Brittney Griner’s 9-Year Sentence Won’t Matter If US Government Does Its Job
The WNBA star was convicted of drug possession and smuggling by a Russian court earlier this week
U.S. basketball star Brittney Griner, convicted of drug possession and smuggling by a Russian court and sentenced to nine years behind bars in a penal colony for allegedly carrying vape cartridges containing cannabis oil, now needs an assist from the American government to get home.
She better get it.
Griner, a Black lesbian WNBA player for the Phoenix Mercury, pleaded guilty to the charges levied against her in order to expedite a ruling in her case so that Washington and Moscow can figure out a deal to get her home. Though Russia has urged the U.S. not to discuss the matter publicly, it is believed the two sides are speaking about swapping Griner and Paul Whelan, an American jailed in Russia on espionage charges, for Russian arms trader Viktor Bout. Convicted of conspiracy to kill U.S. citizens and providing aid to a terrorist organization, Bout is serving a 25-year sentence in the U.S.
On the surface, it might seem like trading Griner and Whelan for Bout, given all of their various charges and sentences, is an unfair swap. Even if it is, the U.S. government needs to get the deal done and bring Griner and all that she represents back to American soil. A member of many groups that have been discriminated against and marginalized by the government and America in general for years, Griner deserves reparations in the form of a ticket home. And not just because she’s a woman, Black and a member of the LGBTQ community, but because she’s an American being held in Russia who did nothing to deserve that fate.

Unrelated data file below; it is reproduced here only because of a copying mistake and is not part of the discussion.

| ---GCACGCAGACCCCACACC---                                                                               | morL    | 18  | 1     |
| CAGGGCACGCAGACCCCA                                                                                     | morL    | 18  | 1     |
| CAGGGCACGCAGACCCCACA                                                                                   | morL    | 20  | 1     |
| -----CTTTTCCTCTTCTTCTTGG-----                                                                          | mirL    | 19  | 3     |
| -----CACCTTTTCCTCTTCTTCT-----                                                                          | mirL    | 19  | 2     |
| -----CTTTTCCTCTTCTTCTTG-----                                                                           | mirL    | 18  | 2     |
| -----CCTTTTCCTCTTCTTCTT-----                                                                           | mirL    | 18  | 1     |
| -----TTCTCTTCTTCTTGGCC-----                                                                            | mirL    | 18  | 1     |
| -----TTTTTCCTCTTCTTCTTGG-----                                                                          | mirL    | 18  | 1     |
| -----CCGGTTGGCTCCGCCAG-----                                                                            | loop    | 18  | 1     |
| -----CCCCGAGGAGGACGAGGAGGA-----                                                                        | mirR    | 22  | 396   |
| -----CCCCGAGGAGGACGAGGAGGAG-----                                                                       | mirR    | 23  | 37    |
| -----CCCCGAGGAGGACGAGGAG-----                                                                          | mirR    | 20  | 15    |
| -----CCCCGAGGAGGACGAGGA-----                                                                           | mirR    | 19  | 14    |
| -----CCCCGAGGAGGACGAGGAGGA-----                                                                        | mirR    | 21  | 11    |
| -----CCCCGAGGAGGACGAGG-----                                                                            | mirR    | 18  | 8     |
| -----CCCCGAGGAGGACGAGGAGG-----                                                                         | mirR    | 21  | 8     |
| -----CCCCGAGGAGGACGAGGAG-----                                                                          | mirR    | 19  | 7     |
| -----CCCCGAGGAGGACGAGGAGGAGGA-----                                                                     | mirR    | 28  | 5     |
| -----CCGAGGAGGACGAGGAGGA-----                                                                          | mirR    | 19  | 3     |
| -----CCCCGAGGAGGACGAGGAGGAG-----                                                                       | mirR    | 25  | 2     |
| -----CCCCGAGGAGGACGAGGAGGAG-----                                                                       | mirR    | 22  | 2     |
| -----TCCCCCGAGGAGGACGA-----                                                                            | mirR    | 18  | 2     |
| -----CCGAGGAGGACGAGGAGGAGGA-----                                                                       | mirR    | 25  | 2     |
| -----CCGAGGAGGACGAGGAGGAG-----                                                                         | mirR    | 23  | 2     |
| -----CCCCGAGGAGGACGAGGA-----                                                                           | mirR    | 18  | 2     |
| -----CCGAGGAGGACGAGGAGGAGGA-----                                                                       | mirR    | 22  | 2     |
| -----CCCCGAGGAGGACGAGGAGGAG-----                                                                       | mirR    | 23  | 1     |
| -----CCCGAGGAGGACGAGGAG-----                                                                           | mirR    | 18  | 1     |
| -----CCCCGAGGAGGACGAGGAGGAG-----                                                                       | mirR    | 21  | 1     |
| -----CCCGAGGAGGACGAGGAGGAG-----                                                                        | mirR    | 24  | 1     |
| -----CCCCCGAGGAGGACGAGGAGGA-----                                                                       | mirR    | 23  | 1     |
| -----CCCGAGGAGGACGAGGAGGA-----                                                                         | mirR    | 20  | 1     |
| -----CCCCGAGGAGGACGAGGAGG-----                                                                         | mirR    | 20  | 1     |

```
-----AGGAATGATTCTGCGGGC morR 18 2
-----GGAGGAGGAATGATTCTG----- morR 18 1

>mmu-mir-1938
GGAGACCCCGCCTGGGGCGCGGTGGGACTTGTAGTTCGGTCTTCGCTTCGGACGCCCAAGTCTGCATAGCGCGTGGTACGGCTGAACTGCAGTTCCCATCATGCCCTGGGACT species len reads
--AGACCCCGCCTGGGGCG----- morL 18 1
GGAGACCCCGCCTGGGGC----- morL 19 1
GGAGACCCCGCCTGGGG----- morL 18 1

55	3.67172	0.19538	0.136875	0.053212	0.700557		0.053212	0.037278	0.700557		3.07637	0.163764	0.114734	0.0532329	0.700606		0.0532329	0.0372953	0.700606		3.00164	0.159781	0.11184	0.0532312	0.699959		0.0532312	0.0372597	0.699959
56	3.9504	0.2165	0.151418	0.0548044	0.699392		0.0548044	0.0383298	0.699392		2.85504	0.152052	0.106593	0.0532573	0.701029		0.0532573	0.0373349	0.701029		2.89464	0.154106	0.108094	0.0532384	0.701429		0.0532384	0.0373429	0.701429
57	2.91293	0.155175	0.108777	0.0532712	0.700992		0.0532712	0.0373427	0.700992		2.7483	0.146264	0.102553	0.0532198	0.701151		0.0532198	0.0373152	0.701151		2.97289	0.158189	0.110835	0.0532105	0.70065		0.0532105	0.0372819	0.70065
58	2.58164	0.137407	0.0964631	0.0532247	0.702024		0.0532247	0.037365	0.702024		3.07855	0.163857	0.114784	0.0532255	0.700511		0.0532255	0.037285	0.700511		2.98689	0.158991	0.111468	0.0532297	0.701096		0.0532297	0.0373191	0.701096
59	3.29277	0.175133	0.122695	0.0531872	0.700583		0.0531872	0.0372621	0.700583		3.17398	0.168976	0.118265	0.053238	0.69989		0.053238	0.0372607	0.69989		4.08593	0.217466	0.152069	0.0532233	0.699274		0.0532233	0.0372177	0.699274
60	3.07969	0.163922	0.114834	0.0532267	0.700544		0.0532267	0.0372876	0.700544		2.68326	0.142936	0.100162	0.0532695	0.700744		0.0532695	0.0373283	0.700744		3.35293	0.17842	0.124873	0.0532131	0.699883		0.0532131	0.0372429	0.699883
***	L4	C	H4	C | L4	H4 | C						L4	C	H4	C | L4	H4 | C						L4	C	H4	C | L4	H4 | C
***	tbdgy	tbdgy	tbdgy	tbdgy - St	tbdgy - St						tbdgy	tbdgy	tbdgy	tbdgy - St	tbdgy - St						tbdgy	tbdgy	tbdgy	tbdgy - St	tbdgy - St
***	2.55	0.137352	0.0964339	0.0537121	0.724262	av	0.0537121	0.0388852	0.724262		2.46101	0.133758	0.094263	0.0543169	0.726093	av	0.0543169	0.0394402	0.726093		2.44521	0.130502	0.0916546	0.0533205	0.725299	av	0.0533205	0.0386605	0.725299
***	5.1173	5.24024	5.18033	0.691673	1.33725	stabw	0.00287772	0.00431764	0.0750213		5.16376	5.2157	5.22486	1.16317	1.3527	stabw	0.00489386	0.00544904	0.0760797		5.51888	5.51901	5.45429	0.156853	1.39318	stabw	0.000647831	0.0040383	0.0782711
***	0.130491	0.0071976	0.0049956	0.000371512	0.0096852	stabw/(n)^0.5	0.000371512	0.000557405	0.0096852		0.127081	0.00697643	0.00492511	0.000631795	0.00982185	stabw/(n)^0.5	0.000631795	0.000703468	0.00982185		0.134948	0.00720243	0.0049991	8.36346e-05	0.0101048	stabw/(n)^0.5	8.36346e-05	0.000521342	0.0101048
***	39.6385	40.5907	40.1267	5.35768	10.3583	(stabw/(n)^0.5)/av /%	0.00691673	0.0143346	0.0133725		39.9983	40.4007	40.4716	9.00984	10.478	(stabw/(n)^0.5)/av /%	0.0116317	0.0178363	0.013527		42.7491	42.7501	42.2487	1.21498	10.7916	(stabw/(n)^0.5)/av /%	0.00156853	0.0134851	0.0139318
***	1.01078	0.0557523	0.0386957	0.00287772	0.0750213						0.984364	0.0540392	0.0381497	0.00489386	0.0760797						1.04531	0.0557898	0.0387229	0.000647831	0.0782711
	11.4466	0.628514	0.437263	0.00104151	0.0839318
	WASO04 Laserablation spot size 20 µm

President Joe Biden denounced the verdict and sentence as “unacceptable” and called on Russia to release Griner “immediately” so she “can be with her wife, loved ones, friends and teammates.” According to Biden, the verdict was “one more reminder of what the world already knew: Russia is wrongfully detaining Brittney.”
Now is the time for his administration to do something about it. Quietly and without using what Kremlin spokesman Dmitry Peskov referred to as “microphone diplomacy.”
“The U.S. already has made mistakes, trying to solve such problems via ‘microphone diplomacy.’ They are not solved that way,” he said. “Such mechanisms exist, but they will be thrown into doubt if the discussion continues in the public domain. If we discuss any nuances related to the issue of exchange via media, no exchange will ever take place.”
Enough talk. Get it done. Free Brittney.
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